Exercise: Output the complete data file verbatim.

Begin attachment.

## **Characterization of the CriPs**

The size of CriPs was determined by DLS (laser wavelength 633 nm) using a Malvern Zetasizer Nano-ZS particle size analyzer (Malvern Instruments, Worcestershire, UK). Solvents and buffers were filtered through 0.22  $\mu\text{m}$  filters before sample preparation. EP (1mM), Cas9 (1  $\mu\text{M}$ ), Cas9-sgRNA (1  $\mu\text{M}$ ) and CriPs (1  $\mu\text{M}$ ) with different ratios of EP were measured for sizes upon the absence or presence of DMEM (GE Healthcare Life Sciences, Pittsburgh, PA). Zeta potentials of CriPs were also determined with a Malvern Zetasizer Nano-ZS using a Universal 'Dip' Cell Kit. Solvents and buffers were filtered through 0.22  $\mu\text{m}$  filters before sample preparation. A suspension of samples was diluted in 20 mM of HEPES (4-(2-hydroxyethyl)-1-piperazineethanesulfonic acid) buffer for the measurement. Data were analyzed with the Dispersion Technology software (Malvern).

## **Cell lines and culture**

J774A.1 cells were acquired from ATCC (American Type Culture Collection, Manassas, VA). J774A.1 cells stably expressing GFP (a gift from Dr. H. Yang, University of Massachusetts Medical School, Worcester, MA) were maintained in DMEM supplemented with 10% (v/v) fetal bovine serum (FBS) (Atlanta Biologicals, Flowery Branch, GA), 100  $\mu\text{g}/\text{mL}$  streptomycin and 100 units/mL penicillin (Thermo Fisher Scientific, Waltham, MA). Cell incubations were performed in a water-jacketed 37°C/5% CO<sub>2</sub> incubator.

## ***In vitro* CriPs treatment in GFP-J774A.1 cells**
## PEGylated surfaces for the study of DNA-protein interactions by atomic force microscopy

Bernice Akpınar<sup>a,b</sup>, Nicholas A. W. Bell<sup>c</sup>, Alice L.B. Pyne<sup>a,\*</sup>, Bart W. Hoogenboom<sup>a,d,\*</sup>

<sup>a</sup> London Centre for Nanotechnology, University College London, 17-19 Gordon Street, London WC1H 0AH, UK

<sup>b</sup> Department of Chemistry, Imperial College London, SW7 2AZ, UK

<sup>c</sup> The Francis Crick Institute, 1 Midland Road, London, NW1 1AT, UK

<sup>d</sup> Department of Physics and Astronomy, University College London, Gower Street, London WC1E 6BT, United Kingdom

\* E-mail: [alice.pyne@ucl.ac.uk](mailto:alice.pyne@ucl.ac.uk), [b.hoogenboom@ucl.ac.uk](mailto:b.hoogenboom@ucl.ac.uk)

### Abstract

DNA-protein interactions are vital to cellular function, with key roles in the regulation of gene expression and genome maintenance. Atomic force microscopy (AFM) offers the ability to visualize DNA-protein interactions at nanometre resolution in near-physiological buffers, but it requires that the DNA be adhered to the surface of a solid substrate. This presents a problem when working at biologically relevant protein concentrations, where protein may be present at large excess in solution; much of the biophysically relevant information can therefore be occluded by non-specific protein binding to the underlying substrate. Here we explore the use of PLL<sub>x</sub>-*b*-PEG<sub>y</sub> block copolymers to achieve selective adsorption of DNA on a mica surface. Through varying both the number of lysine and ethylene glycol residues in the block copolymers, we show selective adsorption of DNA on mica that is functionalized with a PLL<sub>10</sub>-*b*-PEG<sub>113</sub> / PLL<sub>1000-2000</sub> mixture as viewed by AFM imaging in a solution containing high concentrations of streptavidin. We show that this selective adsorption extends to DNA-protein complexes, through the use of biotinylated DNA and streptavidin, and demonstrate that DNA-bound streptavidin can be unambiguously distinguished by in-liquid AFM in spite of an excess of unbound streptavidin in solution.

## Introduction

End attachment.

## **Characterization of the CriPs**

The size of CriPs was determined by DLS (laser wavelength 633 nm) using a Malvern Zetasizer Nano-ZS particle size analyzer (Malvern Instruments, Worcestershire, UK). Solvents and buffers were filtered through 0.22  $\mu\text{m}$  filters before sample preparation. EP (1mM), Cas9 (1  $\mu\text{M}$ ), Cas9-sgRNA (1  $\mu\text{M}$ ) and CriPs (1  $\mu\text{M}$ ) with different ratios of EP were measured for sizes upon the absence or presence of DMEM (GE Healthcare Life Sciences, Pittsburgh, PA). Zeta potentials of CriPs were also determined with a Malvern Zetasizer Nano-ZS using a Universal 'Dip' Cell Kit. Solvents and buffers were filtered through 0.22  $\mu\text{m}$  filters before sample preparation. A suspension of samples was diluted in 20 mM of HEPES (4-(2-hydroxyethyl)-1-piperazineethanesulfonic acid) buffer for the measurement. Data were analyzed with the Dispersion Technology software (Malvern).

## **Cell lines and culture**

J774A.1 cells were acquired from ATCC (American Type Culture Collection, Manassas, VA). J774A.1 cells stably expressing GFP (a gift from Dr. H. Yang, University of Massachusetts Medical School, Worcester, MA) were maintained in DMEM supplemented with 10% (v/v) fetal bovine serum (FBS) (Atlanta Biologicals, Flowery Branch, GA), 100  $\mu\text{g}/\text{mL}$  streptomycin and 100 units/mL penicillin (Thermo Fisher Scientific, Waltham, MA). Cell incubations were performed in a water-jacketed 37°C/5% CO<sub>2</sub> incubator.

## ***In vitro* CriPs treatment in GFP-J774A.1 cells**
## PEGylated surfaces for the study of DNA-protein interactions by atomic force microscopy

Bernice Akpınar<sup>a,b</sup>, Nicholas A. W. Bell<sup>c</sup>, Alice L.B. Pyne<sup>a,\*</sup>, Bart W. Hoogenboom<sup>a,d,\*</sup>

<sup>a</sup> London Centre for Nanotechnology, University College London, 17-19 Gordon Street, London WC1H 0AH, UK

<sup>b</sup> Department of Chemistry, Imperial College London, SW7 2AZ, UK

<sup>c</sup> The Francis Crick Institute, 1 Midland Road, London, NW1 1AT, UK

<sup>d</sup> Department of Physics and Astronomy, University College London, Gower Street, London WC1E 6BT, United Kingdom

\* E-mail: [alice.pyne@ucl.ac.uk](mailto:alice.pyne@ucl.ac.uk), [b.hoogenboom@ucl.ac.uk](mailto:b.hoogenboom@ucl.ac.uk)

### Abstract

DNA-protein interactions are vital to cellular function, with key roles in the regulation of gene expression and genome maintenance. Atomic force microscopy (AFM) offers the ability to visualize DNA-protein interactions at nanometre resolution in near-physiological buffers, but it requires that the DNA be adhered to the surface of a solid substrate. This presents a problem when working at biologically relevant protein concentrations, where protein may be present at large excess in solution; much of the biophysically relevant information can therefore be occluded by non-specific protein binding to the underlying substrate. Here we explore the use of PLL<sub>x</sub>-*b*-PEG<sub>y</sub> block copolymers to achieve selective adsorption of DNA on a mica surface. Through varying both the number of lysine and ethylene glycol residues in the block copolymers, we show selective adsorption of DNA on mica that is functionalized with a PLL<sub>10</sub>-*b*-PEG<sub>113</sub> / PLL<sub>1000-2000</sub> mixture as viewed by AFM imaging in a solution containing high concentrations of streptavidin. We show that this selective adsorption extends to DNA-protein complexes, through the use of biotinylated DNA and streptavidin, and demonstrate that DNA-bound streptavidin can be unambiguously distinguished by in-liquid AFM in spite of an excess of unbound streptavidin in solution.

## Introduction